No clear front-runner to replace Moran

No clear front-runner to replace Moran

By Erich Wagner (File photo)

Trying to figure out who has an edge among the increasingly crowded field of Democratic candidates to replace retiring U.S. Rep. Jim Moran (D-8)? Your guess is as good as any state politics expert.

Filling the seat of Moran, who’s been a U.S. congressman for more than 20 years, has drawn the interest of many elected officials — past and present.

Mayor Bill Euille and state Sen. Adam Ebbin entered the fray last week, joining Delegate Charniele Herring (D-46), Arlington Delegate Patrick Hope, former Navy fighter pilot Bruce Shuttleworth, Delegate Mark Sickles of Fairfax County and even former Lt. Gov. Don Beyer.

Kyle Kondik, an analyst for the University of Virginia Center for Politics, said it’s next to impossible to predict a frontrunner with this many candidates lining up. Each contender has their pockets of support, but few metrics to measure their strength.

“It’s difficult to handicap at this point,” he said. “There’s not a lot of credible polling available for [U.S.] House primaries, so you just have to look at the field and say there are a lot of people who could potentially win.”

Kondik said this kind of candidate turnout is typical for a safely partisan seat held by one person for more than a decade.

“A safe seat in either party is really attractive,” he said. “You can win the nomination this one time, and you may end up able to hold the seat for many, many terms. And since there’s no runoff election, you could win a [U.S.] House seat that holds for decades with only 25 percent of the vote or something.”

He described Beyer as an interesting candidate, given his tenure as lieutenant governor from 1990 until ’98. But Kondik refrained from calling him a frontrunner.

“He’s fairly wealthy and has remained involved in Democratic office since his failed attempt to run for governor [in 1997],” Kondik said. “[But] he hasn’t been in office for a long time.”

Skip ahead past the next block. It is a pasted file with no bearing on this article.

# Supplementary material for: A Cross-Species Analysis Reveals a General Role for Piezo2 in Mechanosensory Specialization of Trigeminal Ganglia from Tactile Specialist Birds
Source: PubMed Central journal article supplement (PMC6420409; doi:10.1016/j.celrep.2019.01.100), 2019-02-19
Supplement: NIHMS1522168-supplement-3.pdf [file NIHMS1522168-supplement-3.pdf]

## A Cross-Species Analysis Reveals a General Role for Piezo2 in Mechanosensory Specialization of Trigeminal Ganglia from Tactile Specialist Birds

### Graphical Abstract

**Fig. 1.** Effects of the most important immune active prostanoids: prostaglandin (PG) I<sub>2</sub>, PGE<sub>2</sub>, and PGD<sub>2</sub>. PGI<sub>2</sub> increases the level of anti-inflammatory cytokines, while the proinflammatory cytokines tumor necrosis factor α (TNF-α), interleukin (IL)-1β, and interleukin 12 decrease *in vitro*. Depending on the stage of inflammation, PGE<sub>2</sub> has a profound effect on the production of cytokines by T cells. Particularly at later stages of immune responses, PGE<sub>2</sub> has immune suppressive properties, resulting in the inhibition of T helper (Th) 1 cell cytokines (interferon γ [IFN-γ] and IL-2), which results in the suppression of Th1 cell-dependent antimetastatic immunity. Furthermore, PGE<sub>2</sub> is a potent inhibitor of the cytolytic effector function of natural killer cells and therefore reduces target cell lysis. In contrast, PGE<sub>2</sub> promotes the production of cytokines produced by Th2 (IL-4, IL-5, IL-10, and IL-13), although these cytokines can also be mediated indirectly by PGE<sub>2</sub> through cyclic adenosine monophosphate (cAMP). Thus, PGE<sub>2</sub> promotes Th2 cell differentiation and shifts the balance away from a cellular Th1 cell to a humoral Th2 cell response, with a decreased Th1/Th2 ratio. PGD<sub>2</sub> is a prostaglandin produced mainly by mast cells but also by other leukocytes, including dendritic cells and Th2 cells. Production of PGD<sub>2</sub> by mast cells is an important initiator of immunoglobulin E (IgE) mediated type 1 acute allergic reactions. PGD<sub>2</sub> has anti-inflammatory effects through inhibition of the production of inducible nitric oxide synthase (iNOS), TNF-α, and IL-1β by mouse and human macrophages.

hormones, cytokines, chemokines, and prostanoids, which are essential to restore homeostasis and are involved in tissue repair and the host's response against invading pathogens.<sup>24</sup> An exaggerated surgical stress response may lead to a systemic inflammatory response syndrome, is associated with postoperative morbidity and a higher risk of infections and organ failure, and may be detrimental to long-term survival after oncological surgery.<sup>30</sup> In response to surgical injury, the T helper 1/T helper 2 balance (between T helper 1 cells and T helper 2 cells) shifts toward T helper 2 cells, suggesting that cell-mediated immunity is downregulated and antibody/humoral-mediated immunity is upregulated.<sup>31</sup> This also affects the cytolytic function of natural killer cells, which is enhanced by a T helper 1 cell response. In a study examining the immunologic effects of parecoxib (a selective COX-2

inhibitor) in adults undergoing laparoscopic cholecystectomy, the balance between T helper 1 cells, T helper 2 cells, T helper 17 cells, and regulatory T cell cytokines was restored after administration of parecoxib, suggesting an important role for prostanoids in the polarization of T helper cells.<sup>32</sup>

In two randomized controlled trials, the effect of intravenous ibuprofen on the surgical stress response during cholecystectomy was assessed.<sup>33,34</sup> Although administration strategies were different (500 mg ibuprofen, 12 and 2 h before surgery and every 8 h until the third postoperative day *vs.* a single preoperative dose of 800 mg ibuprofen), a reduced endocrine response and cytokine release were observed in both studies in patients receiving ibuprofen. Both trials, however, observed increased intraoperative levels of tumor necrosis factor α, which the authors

While already holding elective office can be important — proving a candidate is capable of handling the job and the campaign — Kondik said in this case it’s not an advantage since virtually everyone vying for Moran’s seat has met that threshold. The key is to galvanize your area of support and encourage high turnout.

“There are so many different elected officials in this race, so there is not one person who obviously stands out,” he said. “[Since] it will just be Democratic primary voters, you don’t need a majority, just a certain segment. So it’s going to be a kind of a micro-targeted campaign.”

Kondik said this factor also could neutralize any fundraising advantage for candidates with statewide exposure, like Beyer and Herring, who served as state Democratic Party chair.

“It lends itself to a more local, grassroots campaign,” he said. “Money’s helpful, but running ads on broadcast TV in this race would be inefficient and also super expensive in the D.C. media market. People might do cable ads or something, but you may see more radio ads and mailers and that sort of thing.”